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Beating Nature: Artificiality, Imitation and Simulation


Module description

Mankind has always been dreaming of being godlike by creating humans and super humans not through the sexual act of reproduction with women giving birth but through the mental and technical skills of (male) artists, mechanics and scientists. While many have succeeded in actually creating machines resembling humans (automatons, wax figures, puppets, marionettes, androids), it was first and foremost the visions and alternative realities of writers and filmmakers which have sparked the cultural imagination. Their fantastical creatures such as living statues, homunculi, golems and mandrakes instil such conflicting feelings as fascination and fear, desire and horror.

Indicative module syllabus

  • Dreaming up your perfect woman: from the German Romantics to Fritz Lang’s Metropolis (D 1927), E.T.A. Hoffmann’s ‘The Sand-man’ (1816) and Joseph von Eichendorff’s ‘The Marble Image’ (1818), we will explore man’s desire to create the perfect woman - a desire that can be traced back to Hesiod’s ‘Pandora’ (6 AC) and Ovid’s ‘Pygmalion' (Metamorphoses, 10 AC).
  • New mothers and other monsters: an exploration of the theories and fictions of the nightmarishly metamorphosed parent, in which fathers and (especially) mothers are inexplicably replaced by monstrous, robotic or otherwise uncanny simulacra.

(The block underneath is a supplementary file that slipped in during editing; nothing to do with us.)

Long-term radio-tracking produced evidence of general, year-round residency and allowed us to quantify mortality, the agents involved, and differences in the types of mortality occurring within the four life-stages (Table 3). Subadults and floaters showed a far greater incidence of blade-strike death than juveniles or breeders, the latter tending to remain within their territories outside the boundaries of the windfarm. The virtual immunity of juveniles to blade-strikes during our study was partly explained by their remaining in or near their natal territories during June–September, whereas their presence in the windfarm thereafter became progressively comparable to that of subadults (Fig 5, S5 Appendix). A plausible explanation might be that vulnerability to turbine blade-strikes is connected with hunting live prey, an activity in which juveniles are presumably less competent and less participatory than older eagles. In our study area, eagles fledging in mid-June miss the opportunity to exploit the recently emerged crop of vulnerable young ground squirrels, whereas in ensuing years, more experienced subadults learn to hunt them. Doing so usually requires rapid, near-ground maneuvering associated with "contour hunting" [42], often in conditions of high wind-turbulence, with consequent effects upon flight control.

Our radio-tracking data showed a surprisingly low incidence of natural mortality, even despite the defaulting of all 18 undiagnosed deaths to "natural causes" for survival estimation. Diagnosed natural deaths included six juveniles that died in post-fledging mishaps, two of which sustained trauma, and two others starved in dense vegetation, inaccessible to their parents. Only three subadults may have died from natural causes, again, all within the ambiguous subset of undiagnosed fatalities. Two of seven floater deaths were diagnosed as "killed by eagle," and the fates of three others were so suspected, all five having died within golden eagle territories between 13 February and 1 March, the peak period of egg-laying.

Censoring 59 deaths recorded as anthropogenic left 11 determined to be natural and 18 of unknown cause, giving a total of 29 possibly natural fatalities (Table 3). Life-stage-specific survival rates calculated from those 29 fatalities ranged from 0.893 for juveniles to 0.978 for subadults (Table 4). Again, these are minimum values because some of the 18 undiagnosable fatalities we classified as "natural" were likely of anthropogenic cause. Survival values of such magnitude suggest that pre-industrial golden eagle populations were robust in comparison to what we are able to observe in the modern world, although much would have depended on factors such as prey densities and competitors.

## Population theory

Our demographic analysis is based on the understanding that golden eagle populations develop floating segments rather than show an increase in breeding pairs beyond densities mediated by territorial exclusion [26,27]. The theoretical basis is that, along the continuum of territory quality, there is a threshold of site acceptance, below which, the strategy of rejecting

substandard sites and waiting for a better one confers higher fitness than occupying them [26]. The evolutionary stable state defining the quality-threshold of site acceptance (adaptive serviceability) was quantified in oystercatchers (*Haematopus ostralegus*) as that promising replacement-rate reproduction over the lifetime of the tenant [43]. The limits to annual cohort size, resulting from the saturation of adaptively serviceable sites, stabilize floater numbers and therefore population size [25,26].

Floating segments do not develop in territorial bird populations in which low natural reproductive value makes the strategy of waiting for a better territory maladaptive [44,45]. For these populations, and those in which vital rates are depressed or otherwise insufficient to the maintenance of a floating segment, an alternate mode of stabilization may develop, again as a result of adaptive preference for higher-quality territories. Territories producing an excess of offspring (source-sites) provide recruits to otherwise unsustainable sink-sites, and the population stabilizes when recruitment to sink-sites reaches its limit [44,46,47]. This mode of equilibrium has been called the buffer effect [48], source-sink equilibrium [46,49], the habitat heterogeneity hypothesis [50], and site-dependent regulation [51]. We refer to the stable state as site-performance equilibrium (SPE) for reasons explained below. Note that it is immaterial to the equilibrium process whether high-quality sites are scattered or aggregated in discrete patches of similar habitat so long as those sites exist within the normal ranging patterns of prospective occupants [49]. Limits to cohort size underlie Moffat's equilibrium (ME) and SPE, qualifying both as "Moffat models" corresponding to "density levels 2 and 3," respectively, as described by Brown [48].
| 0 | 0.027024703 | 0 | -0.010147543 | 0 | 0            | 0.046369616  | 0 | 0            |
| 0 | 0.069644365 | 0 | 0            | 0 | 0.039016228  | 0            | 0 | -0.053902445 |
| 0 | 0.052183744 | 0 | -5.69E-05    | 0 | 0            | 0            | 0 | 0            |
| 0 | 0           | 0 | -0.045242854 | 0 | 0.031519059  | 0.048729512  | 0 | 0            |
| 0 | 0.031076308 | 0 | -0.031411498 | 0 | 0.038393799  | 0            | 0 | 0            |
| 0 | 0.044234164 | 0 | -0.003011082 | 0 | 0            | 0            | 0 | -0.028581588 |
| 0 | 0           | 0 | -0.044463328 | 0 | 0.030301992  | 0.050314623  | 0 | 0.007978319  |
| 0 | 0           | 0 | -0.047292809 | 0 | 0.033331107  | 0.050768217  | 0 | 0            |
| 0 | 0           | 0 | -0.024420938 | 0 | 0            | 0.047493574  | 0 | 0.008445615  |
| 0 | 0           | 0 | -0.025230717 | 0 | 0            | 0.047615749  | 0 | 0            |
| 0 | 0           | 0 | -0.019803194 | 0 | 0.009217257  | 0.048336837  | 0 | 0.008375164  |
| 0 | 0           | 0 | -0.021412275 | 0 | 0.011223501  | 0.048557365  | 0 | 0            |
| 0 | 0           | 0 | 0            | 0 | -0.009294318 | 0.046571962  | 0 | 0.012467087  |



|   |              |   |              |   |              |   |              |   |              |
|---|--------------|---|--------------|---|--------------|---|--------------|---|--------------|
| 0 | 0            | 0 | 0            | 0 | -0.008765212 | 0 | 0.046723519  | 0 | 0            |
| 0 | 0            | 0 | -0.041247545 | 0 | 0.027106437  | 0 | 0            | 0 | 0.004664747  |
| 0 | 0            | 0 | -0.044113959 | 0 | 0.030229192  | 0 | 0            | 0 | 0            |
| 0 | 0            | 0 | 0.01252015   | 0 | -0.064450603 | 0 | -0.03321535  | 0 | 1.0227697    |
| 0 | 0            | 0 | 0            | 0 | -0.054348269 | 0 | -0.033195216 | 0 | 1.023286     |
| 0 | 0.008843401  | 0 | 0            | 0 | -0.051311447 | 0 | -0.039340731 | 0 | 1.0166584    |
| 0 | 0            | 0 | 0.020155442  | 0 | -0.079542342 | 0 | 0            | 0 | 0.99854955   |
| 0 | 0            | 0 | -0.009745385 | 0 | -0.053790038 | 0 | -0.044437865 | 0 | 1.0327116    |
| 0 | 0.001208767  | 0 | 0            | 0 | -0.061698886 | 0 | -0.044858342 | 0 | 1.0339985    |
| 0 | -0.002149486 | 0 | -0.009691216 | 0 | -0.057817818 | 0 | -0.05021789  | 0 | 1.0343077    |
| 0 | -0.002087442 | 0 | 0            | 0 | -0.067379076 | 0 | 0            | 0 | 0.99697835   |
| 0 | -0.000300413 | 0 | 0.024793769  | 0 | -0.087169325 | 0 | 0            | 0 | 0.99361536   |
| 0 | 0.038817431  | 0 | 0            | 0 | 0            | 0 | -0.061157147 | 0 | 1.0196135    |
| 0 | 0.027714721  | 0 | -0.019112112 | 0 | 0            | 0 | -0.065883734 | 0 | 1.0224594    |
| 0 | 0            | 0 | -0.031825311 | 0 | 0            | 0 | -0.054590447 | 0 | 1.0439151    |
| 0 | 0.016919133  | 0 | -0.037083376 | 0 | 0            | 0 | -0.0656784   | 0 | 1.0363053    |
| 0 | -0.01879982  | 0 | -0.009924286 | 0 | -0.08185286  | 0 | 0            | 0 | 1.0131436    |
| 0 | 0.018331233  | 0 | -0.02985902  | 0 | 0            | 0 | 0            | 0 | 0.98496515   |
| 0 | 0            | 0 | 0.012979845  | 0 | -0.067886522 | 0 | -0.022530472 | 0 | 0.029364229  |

• What does it mean to be human? Dystopian futures (1): an exploration of Rainer Werner Fassbinder’s science fiction crime thriller World on a Wire (Welt am Draht, 1973), which represents a dystopian future in which human beings reside in computer-generated worlds and explores what it means to take individual responsibility in the face of political repression.
  • 'Against Nature' Villiers de l’Isle-Adam: L’Eve Future: an exploration of French nineteenth-century Symbolist author Villiers de l’Isle-Adam’s novel The Future Eve, or Tomorrow's Eve, generally regarded as one of the earliest and most prescient science fiction novels ever written.
  • What does it mean to be human? Dystopian futures (2): an exploration of Kazuo Ishiguro’s 2005 novel Never Let Me Go alongside the 2010 film adaptation of it (dir. Mark Romanek) in relation to discourses about the ethics of cloning.

Learning objectives

By the end of this module, you should be familiar with:

  • the cultural history of automatons, androids, machines with an overview of the motif of the artificial human in various European cultures, starting with Ovid and Hesiod up to films such as Metropolis
  • the various issues which have been explored through the motif of the artificial human, such as the question of what it is that makes us human, notions of the self, identity and gender, theories on the nature-culture-divide, the body-soul-dichotomy, concepts of creativity and ideas of the real and the hyper-real.